And so we now see people within the Labour party hinting at support for Yvette Cooper, the current shadow Home Secretary. But in her I also see the same old weakness of New Labour: they have no idea what they stand for. They talk about Labour values but they don’t really know what it means, other than some vague commitment to equality. In Cooper’s case, we need to look at the way she talks about immigration.

Yvette Cooper, from wikipedia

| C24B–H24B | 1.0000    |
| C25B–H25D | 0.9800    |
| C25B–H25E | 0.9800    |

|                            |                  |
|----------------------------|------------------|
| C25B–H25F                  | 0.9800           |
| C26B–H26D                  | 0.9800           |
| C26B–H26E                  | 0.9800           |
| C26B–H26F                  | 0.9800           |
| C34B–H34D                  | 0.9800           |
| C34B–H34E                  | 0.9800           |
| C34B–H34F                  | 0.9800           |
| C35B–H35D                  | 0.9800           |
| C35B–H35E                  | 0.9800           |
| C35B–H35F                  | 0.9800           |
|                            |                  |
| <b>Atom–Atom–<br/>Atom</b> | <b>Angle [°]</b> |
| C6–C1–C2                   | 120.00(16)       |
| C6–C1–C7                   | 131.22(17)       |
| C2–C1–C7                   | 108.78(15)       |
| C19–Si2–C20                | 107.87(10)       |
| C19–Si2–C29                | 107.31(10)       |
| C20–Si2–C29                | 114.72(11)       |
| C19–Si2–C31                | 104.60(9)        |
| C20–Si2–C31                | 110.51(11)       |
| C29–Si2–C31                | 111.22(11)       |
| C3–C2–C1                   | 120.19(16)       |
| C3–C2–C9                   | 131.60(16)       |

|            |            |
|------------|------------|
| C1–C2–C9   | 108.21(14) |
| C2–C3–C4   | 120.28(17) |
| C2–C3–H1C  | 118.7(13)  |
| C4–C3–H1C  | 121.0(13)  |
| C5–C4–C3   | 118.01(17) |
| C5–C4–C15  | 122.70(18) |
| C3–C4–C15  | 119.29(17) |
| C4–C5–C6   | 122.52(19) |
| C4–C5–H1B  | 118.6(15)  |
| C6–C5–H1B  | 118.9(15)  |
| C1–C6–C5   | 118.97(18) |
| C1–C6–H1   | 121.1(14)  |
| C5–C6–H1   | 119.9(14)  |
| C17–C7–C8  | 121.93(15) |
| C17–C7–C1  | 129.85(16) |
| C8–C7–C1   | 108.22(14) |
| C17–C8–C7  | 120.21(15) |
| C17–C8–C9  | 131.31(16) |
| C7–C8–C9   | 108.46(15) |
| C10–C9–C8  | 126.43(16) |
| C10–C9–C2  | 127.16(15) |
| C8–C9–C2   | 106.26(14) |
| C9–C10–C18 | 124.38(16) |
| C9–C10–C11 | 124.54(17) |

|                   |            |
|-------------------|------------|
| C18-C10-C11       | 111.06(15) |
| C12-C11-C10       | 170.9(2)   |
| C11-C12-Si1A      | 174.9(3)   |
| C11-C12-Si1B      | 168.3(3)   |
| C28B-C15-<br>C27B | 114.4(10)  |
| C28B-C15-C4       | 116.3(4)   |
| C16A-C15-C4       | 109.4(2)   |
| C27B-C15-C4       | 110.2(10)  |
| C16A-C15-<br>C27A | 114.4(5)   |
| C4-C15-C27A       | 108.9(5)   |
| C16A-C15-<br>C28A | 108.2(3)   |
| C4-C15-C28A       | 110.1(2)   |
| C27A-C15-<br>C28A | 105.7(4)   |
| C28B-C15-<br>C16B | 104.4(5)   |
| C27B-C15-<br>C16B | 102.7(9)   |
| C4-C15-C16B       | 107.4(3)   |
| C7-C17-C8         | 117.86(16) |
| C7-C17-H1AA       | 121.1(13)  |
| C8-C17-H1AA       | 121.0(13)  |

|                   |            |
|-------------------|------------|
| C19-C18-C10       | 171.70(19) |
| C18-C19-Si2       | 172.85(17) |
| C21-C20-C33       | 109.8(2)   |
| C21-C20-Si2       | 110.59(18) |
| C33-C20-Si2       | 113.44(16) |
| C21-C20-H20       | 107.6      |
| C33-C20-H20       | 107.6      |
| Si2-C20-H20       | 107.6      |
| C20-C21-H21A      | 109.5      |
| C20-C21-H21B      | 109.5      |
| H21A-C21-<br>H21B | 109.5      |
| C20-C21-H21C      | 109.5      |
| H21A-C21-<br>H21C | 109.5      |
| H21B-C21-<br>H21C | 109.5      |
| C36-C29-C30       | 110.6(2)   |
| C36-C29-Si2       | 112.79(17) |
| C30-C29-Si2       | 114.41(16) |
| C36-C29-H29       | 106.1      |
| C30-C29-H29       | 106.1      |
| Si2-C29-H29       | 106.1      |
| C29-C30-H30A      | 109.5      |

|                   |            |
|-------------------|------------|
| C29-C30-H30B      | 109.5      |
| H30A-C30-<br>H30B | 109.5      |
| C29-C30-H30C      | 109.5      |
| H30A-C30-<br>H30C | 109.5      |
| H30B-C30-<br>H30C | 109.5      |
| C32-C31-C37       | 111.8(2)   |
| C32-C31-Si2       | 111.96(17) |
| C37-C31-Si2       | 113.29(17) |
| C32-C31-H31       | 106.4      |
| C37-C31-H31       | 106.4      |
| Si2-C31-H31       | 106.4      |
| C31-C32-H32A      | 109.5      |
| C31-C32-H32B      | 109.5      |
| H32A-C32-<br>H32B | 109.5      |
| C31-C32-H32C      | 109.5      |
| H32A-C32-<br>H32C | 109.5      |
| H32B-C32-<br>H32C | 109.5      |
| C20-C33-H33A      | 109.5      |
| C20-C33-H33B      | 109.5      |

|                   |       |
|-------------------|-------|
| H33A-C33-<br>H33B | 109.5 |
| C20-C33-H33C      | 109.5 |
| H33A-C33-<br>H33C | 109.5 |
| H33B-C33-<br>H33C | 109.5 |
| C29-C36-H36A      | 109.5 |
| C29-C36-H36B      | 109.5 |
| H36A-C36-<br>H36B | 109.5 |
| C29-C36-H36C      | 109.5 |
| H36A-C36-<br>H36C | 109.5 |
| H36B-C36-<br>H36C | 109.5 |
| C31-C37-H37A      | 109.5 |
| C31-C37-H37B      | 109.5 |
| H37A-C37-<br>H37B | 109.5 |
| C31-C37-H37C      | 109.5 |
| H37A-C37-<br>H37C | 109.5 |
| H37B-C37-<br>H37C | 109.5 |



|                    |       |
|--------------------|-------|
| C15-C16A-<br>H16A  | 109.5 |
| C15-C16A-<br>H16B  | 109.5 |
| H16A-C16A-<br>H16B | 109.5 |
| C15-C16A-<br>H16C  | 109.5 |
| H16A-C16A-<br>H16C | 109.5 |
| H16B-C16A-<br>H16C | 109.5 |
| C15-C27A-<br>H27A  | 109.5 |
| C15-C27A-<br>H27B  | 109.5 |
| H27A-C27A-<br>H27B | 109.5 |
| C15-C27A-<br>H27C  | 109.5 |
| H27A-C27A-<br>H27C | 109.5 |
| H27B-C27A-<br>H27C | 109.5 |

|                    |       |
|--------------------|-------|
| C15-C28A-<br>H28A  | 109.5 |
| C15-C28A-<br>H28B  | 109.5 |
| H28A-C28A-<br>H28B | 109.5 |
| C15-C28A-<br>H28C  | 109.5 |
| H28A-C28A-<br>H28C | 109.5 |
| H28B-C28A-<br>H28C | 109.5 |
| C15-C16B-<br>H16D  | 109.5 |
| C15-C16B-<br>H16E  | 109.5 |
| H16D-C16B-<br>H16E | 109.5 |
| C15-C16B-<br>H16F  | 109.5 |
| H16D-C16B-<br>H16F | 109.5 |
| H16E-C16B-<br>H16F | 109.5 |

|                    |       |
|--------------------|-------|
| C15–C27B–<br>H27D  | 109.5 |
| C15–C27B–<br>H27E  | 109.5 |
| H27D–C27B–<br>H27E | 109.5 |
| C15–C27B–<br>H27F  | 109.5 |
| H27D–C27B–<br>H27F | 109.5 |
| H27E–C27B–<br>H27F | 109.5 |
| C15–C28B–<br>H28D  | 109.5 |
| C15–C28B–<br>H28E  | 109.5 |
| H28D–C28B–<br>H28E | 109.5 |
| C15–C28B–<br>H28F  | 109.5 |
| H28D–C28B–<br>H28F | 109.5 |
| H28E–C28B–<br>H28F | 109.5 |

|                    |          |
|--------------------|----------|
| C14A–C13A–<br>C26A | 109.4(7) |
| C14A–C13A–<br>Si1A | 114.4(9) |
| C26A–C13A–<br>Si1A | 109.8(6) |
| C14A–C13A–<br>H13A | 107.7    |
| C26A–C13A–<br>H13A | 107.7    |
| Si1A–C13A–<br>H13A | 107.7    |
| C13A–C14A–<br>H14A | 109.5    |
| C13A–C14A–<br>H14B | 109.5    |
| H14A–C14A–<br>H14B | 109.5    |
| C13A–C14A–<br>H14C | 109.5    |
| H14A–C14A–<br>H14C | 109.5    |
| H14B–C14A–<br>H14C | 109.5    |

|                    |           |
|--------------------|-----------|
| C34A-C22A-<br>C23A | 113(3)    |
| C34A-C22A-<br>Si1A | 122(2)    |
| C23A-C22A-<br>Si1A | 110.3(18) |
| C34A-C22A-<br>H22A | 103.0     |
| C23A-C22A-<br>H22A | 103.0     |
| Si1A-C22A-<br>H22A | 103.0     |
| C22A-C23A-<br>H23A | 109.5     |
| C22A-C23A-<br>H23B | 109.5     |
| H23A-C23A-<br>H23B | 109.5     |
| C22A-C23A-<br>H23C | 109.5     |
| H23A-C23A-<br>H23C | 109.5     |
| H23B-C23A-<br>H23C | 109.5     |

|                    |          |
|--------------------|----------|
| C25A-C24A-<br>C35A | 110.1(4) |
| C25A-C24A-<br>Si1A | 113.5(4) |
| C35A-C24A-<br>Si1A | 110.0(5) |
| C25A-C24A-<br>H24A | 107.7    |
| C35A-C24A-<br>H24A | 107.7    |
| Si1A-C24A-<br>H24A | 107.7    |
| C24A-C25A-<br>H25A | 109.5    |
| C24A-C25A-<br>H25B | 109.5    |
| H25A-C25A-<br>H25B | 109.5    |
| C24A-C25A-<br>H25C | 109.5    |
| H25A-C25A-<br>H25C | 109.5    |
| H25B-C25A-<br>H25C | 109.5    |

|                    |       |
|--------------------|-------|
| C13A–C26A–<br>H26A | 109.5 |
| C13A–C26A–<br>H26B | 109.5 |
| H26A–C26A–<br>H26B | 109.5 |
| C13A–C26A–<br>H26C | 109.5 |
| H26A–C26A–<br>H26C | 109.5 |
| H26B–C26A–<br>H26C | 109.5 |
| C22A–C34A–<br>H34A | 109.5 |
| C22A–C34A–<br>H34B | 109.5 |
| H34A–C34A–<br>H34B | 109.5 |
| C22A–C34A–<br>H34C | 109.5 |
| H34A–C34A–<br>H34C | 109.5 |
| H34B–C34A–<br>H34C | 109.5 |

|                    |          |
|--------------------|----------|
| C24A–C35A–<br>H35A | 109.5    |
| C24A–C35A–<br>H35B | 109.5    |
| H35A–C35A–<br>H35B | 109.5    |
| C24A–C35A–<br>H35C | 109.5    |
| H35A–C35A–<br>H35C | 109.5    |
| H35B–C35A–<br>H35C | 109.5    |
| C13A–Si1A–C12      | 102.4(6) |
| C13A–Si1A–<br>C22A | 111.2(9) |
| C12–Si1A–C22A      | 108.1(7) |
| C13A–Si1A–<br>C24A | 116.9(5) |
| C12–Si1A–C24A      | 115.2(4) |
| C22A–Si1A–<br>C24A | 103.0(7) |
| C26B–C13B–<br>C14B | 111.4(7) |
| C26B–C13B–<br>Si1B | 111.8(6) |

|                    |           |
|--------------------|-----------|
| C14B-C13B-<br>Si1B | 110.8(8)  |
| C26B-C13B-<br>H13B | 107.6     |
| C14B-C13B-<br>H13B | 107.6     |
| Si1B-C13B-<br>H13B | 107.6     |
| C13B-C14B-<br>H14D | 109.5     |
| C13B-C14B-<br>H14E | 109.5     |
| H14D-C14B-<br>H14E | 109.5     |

In case you don’t know, the Tories currently have a manifesto pledge to cut net immigration down to the tens of thousands, and they’re not going to be able to do it, so they’re going around doing ill-thought out things like making it harder for students to get a visa to study in the UK (for some reason people who come here, spend loads of money and then leave are a problem). They’re doing the classic thing of blaming the ‘other’ for all the problems of a society. What position should a party of the left take in such a scenario? The answer may seem obvious, but I would think they would take the policy from the root and argue that immigrants aren’t the cause of the problem. I would expect a truly left-wing party to point out that immigration isn’t the real enemy of the working class, that unemployment isn’t caused by immigrants stealing jobs, that lack of affordable housing and inflation aren’t caused by immigration, and that actually other factors have a significantly bigger impact on all of these problems, and immigrants bring lots of cultural benefits. Not Yvette Cooper, and not David Blunket, Charles Clark, John Reid or Jacqui Smith. They all blame immigrants too. Yvette Cooper gets sucked into the debate and instead of attacking the Conservative position on ideological grounds, attacks them for incompetence, as if they’re not getting rid of immigrants quickly enough. That’s not left-wing.